Of course we share many aspects of our culture with Cypriot Greek people. What is more natural than that? We live in the same island, don’t we?

To have the same culture means to share the same spirit. And I am not talking about Zivaniya here!

I failed to share the same spirit at an event recently, which was advertised as a “Cypriot” event. At the CTCCA Festival however, I felt completely at home. Even though I do not share the same politics with a lot of people there, I shared the same spirit.

One important criticism, however. The politicians still managed to hijack this excellent event, by making political speeches. In particular, the Deputy Prime Minister of the Republic of Turkey, Tuğrul Türkeş.

I, and many people I spoke did not attend the Festival to hear politicians. Neither did we want to learn about the progress of the Cyprus talks. We have Facebook for this. We did not turn up to hear IDS (Iain Duncan Smith) to make a party political broadcast either, promising things he will not deliver.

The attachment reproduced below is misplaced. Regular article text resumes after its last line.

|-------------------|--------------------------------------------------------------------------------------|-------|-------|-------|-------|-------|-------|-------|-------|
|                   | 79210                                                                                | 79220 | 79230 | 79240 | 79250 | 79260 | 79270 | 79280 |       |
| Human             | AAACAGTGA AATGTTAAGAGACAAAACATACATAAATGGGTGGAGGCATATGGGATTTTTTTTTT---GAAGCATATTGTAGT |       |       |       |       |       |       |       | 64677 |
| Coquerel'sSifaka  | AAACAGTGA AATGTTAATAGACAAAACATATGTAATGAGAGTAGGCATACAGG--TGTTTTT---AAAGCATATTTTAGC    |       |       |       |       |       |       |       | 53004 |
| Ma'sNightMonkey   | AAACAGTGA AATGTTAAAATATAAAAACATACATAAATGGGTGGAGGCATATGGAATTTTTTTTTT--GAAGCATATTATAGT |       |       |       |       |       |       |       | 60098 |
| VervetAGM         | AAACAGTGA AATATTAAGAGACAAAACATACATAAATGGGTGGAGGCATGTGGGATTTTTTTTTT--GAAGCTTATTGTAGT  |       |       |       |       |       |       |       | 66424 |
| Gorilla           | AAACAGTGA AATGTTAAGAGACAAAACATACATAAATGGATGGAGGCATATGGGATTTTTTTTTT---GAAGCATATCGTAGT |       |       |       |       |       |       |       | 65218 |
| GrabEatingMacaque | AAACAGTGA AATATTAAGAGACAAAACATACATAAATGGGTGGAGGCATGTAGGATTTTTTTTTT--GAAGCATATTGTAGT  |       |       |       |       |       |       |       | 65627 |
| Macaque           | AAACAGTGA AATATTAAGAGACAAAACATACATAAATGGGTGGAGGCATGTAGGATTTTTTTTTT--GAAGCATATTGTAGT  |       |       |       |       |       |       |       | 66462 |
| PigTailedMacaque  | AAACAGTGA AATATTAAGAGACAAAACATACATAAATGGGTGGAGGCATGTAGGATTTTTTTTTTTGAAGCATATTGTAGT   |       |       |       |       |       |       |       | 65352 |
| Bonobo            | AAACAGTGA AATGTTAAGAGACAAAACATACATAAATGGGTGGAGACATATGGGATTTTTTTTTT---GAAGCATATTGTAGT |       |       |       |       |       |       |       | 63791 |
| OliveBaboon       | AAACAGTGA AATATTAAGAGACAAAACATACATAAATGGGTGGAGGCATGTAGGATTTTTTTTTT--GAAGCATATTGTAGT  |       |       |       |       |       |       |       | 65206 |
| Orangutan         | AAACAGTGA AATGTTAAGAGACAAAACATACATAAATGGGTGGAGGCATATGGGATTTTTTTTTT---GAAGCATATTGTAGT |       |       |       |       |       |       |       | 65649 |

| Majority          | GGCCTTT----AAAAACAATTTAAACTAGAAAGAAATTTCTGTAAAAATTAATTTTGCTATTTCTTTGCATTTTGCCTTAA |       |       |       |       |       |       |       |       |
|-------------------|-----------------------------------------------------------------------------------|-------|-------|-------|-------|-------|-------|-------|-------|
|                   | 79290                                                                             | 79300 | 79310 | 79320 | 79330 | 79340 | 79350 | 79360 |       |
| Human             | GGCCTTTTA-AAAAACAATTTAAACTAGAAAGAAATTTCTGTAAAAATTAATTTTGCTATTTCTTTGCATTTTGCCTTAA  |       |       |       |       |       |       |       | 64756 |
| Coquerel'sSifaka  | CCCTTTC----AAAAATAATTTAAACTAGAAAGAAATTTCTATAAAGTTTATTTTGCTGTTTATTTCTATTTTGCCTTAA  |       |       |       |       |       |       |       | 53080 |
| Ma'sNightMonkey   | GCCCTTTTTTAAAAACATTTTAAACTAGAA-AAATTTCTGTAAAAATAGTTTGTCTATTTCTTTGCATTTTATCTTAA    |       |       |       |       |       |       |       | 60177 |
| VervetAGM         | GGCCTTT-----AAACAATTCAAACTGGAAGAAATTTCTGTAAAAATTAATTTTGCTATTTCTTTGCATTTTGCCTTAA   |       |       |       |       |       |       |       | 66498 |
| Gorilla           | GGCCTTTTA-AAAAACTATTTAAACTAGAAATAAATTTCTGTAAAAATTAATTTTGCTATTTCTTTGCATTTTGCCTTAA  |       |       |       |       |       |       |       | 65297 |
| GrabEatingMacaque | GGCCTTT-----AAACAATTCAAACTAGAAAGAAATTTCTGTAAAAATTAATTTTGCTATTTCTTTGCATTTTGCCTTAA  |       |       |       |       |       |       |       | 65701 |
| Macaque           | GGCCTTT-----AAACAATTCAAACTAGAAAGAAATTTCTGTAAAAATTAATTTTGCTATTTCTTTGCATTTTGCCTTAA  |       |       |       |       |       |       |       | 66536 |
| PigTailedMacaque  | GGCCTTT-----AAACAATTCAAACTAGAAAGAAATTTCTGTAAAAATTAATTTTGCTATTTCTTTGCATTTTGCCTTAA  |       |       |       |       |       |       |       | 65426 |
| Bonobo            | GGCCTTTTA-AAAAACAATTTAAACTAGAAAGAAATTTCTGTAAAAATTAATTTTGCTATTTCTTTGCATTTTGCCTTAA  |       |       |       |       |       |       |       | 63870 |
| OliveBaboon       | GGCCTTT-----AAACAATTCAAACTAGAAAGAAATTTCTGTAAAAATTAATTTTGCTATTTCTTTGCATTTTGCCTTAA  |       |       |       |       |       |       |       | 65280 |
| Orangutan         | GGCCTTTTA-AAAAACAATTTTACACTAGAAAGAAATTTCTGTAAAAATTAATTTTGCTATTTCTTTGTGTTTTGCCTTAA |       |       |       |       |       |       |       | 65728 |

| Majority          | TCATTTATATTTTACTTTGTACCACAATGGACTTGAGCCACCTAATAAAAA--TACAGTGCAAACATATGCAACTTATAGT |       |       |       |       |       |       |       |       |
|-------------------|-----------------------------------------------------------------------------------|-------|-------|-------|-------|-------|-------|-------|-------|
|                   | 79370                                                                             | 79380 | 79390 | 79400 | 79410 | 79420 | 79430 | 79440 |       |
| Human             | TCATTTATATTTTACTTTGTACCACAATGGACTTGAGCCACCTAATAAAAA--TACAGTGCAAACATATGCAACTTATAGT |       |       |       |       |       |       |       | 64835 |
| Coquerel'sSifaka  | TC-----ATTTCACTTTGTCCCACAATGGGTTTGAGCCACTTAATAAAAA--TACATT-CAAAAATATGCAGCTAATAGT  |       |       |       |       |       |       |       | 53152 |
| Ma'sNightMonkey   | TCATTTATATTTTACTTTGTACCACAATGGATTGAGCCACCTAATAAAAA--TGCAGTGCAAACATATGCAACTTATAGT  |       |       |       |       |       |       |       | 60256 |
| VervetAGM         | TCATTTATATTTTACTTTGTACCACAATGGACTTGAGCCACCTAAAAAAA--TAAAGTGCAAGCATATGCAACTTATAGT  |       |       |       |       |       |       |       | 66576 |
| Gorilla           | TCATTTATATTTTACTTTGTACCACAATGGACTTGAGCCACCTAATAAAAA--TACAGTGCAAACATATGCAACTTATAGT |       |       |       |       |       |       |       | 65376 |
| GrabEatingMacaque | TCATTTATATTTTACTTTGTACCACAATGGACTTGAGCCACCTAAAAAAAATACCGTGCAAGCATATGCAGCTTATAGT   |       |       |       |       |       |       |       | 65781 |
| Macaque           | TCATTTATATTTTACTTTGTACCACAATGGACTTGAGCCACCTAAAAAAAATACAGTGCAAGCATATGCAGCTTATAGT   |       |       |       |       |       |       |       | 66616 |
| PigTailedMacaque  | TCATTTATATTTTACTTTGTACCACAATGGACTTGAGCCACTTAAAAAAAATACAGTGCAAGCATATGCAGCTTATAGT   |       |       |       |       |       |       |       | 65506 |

Young folk dancers from Southgate Ataturk Turkish School prepare to perform at the Turkish Cypriot Cultural Festival, Chingford Rugby Club, 25 June 2017. Photo: Facebook/Hanife Baylan


Hopefully the organisers will take note and avoid giving any politicians a platform, building on this year’s huge achievements with an even more successful festival next year.

My heartfelt congratulations and thanks to CTCA and everyone who helped to organise the momentous event on 25th June.

Main photo: Ertanch Hidayettin with family & friends at the Turkish Cypriot Cultural Festival, Chingford Rugby Club, 25 June 2017. Photo: Facebook/Kanal Uysaler

About Ertanch Hidayettin

Ertanch Hidayettin

T-VINE columnist Ertanch Hidayettin is a Cypriot Turk of African heritage who came to the UK in 1970. A qualified teacher he chose to pursue a career in local government, working for local authorities in a variety of posts including as an Equality Officer for Islington Council, before retiring in 2007.

Since then he has worked with the National Resource Centre for Supplementary Education (NRCSE). He is a community activist and a commentator in Turkish and Cypriot media.